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      Molecular Cytogenetic Diagnosis and Somatic Genome Variations

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          Human molecular cytogenetics integrates the knowledge on chromosome and genome organization at the molecular and cellular levels in health and disease. Molecular cytogenetic diagnosis is an integral part of current genomic medicine and is the standard of care in medical genetics and cytogenetics, reproductive medicine, pediatrics, neuropsychiatry and oncology. Regardless numerous advances in this field made throughout the last two decades, researchers and practitioners who apply molecular cytogenetic techniques may encounter several problems that are extremely difficult to solve. One of them is undoubtedly the occurrence of somatic genome and chromosome variations, leading to genomic and chromosomal mosaicism, which are related but not limited to technological and evaluative limitations as well as multiplicity of interpretations. More dramatically, current biomedical literature almost lacks descriptions, guidelines or solutions of these problems. The present article overviews all these problems and gathers those exclusive data acquired from studies of genome and chromosome instability that is relevant to identification and interpretations of this fairly common cause of somatic genomic variations and chromosomal mosaicism. Although the way to define pathogenic value of all the intercellular variations of the human genome is far from being completely understood, it is possible to propose recommendations on molecular cytogenetic diagnosis and management of somatic genome variations in clinical population.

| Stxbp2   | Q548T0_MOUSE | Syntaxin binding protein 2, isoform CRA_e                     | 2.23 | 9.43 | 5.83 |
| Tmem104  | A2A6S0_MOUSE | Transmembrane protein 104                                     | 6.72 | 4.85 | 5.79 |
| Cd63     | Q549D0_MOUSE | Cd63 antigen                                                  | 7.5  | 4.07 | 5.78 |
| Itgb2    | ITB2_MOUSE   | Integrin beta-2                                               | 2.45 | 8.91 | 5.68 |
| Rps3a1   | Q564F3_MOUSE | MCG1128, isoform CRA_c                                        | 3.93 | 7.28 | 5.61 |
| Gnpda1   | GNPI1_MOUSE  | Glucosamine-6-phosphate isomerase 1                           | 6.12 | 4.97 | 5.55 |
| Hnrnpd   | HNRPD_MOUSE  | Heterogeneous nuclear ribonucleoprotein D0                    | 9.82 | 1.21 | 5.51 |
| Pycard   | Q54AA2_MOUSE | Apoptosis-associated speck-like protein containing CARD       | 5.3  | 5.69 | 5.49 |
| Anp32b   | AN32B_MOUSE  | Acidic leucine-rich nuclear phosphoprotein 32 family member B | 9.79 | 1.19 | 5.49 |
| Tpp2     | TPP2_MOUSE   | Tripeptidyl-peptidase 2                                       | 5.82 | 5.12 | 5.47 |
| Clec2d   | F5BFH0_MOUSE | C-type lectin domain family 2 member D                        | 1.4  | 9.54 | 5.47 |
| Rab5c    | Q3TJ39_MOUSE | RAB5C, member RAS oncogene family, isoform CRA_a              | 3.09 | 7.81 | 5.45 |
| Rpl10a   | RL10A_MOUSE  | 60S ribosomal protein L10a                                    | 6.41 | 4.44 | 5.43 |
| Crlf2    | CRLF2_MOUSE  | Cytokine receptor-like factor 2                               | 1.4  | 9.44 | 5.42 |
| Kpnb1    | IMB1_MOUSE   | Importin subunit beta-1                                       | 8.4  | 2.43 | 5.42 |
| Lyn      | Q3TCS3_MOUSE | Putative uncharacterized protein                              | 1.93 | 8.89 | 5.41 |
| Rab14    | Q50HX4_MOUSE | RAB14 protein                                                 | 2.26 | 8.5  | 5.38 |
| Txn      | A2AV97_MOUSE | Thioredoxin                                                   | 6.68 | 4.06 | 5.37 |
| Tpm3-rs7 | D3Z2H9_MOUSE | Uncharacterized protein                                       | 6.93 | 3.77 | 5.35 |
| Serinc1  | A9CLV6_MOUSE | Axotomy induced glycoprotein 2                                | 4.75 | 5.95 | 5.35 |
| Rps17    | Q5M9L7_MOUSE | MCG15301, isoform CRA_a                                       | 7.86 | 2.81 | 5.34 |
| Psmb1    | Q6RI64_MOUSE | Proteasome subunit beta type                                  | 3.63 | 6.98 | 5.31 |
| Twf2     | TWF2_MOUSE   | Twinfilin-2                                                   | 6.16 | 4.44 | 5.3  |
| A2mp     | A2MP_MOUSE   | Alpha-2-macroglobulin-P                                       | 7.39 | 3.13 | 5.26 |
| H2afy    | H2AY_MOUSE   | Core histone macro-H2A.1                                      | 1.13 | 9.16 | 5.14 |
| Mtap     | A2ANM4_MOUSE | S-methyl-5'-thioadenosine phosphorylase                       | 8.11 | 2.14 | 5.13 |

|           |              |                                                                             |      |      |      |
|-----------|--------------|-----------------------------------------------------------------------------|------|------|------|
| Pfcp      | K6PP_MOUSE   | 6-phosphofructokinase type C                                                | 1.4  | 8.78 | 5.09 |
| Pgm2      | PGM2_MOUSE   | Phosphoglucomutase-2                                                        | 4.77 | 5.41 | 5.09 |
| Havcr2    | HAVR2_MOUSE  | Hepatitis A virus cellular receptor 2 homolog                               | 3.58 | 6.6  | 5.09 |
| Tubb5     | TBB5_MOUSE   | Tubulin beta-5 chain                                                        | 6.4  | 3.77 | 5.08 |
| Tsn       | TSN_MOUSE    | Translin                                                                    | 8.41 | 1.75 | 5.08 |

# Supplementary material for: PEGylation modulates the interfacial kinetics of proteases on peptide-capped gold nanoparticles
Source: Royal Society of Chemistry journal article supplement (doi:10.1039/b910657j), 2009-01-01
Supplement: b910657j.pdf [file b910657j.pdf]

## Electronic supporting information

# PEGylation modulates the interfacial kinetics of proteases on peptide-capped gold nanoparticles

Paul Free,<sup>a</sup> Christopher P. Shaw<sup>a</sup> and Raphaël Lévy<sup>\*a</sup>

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          Structural variation in the human genome and its role in disease.

          During the last quarter of the twentieth century, our knowledge about human genetic variation was limited mainly to the heterochromatin polymorphisms, large enough to be visible in the light microscope, and the single nucleotide polymorphisms (SNPs) identified by traditional PCR-based DNA sequencing. In the past five years, the rapid development and expanded use of microarray technologies, including oligonucleotide array comparative genomic hybridization and SNP genotyping arrays, as well as next-generation sequencing with "paired-end" methods, has enabled a whole-genome analysis with essentially unlimited resolution. The discovery of submicroscopic copy-number variations (CNVs) present in our genomes has changed dramatically our perspective on DNA structural variation and disease. It is now thought that CNVs encompass more total nucleotides and arise more frequently than SNPs. CNVs, to a larger extent than SNPs, have been shown to be responsible for human evolution, genetic diversity between individuals, and a rapidly increasing number of traits or susceptibility to traits; such conditions have been referred to as genomic disorders. In addition to well-known sporadic chromosomal microdeletion syndromes and Mendelian diseases, many common complex traits including autism and schizophrenia can result from CNVs. Both recombination- and replication-based mechanisms for CNV formation have been described.
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            Aneuploidy and Confined Chromosomal Mosaicism in the Developing Human Brain